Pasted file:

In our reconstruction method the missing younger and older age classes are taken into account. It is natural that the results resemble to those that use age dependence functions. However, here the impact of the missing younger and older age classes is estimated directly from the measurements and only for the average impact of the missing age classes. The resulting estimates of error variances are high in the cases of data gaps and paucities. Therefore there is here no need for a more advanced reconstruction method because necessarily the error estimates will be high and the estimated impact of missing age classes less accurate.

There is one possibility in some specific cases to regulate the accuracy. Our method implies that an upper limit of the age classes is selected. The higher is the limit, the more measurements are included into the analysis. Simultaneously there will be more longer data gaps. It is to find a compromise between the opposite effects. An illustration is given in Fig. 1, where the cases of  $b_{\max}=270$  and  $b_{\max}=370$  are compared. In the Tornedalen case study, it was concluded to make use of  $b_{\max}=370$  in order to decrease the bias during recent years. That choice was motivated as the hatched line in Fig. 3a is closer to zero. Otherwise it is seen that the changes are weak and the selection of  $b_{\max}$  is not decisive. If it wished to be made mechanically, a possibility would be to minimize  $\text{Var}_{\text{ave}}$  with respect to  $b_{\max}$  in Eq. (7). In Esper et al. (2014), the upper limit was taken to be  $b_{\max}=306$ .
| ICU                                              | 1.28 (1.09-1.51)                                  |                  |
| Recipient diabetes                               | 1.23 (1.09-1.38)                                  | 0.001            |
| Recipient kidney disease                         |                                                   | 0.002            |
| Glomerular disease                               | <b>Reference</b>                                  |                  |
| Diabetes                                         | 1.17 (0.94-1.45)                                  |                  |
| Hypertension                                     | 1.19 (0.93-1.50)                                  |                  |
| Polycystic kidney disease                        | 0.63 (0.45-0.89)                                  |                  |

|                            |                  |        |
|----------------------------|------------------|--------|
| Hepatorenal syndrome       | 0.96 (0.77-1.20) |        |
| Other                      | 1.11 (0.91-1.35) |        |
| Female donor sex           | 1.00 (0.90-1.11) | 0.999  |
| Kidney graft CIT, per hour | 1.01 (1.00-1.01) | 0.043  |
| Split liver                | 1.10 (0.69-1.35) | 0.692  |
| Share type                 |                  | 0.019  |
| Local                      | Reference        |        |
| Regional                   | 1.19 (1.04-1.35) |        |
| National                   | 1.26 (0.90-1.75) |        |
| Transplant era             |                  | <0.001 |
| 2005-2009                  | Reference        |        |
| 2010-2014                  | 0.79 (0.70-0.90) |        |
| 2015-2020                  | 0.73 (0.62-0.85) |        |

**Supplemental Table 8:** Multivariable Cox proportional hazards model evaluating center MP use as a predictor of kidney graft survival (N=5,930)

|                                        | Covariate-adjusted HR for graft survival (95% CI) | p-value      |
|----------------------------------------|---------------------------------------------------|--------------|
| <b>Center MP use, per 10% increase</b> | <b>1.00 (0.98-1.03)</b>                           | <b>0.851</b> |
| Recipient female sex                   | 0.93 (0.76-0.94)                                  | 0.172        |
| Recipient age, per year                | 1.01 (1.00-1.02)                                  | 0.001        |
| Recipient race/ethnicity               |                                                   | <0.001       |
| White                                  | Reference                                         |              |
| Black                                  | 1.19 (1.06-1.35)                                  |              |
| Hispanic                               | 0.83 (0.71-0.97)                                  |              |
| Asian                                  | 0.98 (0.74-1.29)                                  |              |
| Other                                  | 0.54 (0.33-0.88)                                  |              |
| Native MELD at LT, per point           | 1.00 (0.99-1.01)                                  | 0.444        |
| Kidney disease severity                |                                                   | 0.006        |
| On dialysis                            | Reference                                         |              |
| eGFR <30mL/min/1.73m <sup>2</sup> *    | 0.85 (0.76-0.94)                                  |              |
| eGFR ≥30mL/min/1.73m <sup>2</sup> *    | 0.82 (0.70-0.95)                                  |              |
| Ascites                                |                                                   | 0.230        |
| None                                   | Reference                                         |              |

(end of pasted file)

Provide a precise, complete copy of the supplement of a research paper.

In our reconstruction method the missing younger and older age classes are taken into account. It is natural that the results resemble to those that use age dependence functions. However, here the impact of the missing younger and older age classes is estimated directly from the measurements and only for the average impact of the missing age classes. The resulting estimates of error variances are high in the cases of data gaps and paucities. Therefore there is here no need for a more advanced reconstruction method because necessarily the error estimates will be high and the estimated impact of missing age classes less accurate.

There is one possibility in some specific cases to regulate the accuracy. Our method implies that an upper limit of the age classes is selected. The higher is the limit, the more measurements are included into the analysis. Simultaneously there will be more longer data gaps. It is to find a compromise between the opposite effects. An illustration is given in Fig. 1, where the cases of  $b_{\max}=270$  and  $b_{\max}=370$  are compared. In the Tornedalen case study, it was concluded to make use of  $b_{\max}=370$  in order to decrease the bias during recent years. That choice was motivated as the hatched line in Fig. 3a is closer to zero. Otherwise it is seen that the changes are weak and the selection of  $b_{\max}$  is not decisive. If it wished to be made mechanically, a possibility would be to minimize  $\text{Var}_{\text{ave}}$  with respect to  $b_{\max}$  in Eq. (7). In Esper et al. (2014), the upper limit was taken to be  $b_{\max}=306$ .
| ICU                                              | 1.28 (1.09-1.51)                                  |                  |
| Recipient diabetes                               | 1.23 (1.09-1.38)                                  | 0.001            |
| Recipient kidney disease                         |                                                   | 0.002            |
| Glomerular disease                               | <b>Reference</b>                                  |                  |
| Diabetes                                         | 1.17 (0.94-1.45)                                  |                  |
| Hypertension                                     | 1.19 (0.93-1.50)                                  |                  |
| Polycystic kidney disease                        | 0.63 (0.45-0.89)                                  |                  |

|                            |                  |        |
|----------------------------|------------------|--------|
| Hepatorenal syndrome       | 0.96 (0.77-1.20) |        |
| Other                      | 1.11 (0.91-1.35) |        |
| Female donor sex           | 1.00 (0.90-1.11) | 0.999  |
| Kidney graft CIT, per hour | 1.01 (1.00-1.01) | 0.043  |
| Split liver                | 1.10 (0.69-1.35) | 0.692  |
| Share type                 |                  | 0.019  |
| Local                      | Reference        |        |
| Regional                   | 1.19 (1.04-1.35) |        |
| National                   | 1.26 (0.90-1.75) |        |
| Transplant era             |                  | <0.001 |
| 2005-2009                  | Reference        |        |
| 2010-2014                  | 0.79 (0.70-0.90) |        |
| 2015-2020                  | 0.73 (0.62-0.85) |        |

**Supplemental Table 8:** Multivariable Cox proportional hazards model evaluating center MP use as a predictor of kidney graft survival (N=5,930)

|                                        | Covariate-adjusted HR for graft survival (95% CI) | p-value      |
|----------------------------------------|---------------------------------------------------|--------------|
| <b>Center MP use, per 10% increase</b> | <b>1.00 (0.98-1.03)</b>                           | <b>0.851</b> |
| Recipient female sex                   | 0.93 (0.76-0.94)                                  | 0.172        |
| Recipient age, per year                | 1.01 (1.00-1.02)                                  | 0.001        |
| Recipient race/ethnicity               |                                                   | <0.001       |
| White                                  | Reference                                         |              |
| Black                                  | 1.19 (1.06-1.35)                                  |              |
| Hispanic                               | 0.83 (0.71-0.97)                                  |              |
| Asian                                  | 0.98 (0.74-1.29)                                  |              |
| Other                                  | 0.54 (0.33-0.88)                                  |              |
| Native MELD at LT, per point           | 1.00 (0.99-1.01)                                  | 0.444        |
| Kidney disease severity                |                                                   | 0.006        |
| On dialysis                            | Reference                                         |              |
| eGFR <30mL/min/1.73m <sup>2</sup> *    | 0.85 (0.76-0.94)                                  |              |
| eGFR ≥30mL/min/1.73m <sup>2</sup> *    | 0.82 (0.70-0.95)                                  |              |
| Ascites                                |                                                   | 0.230        |
| None                                   | Reference                                         |              |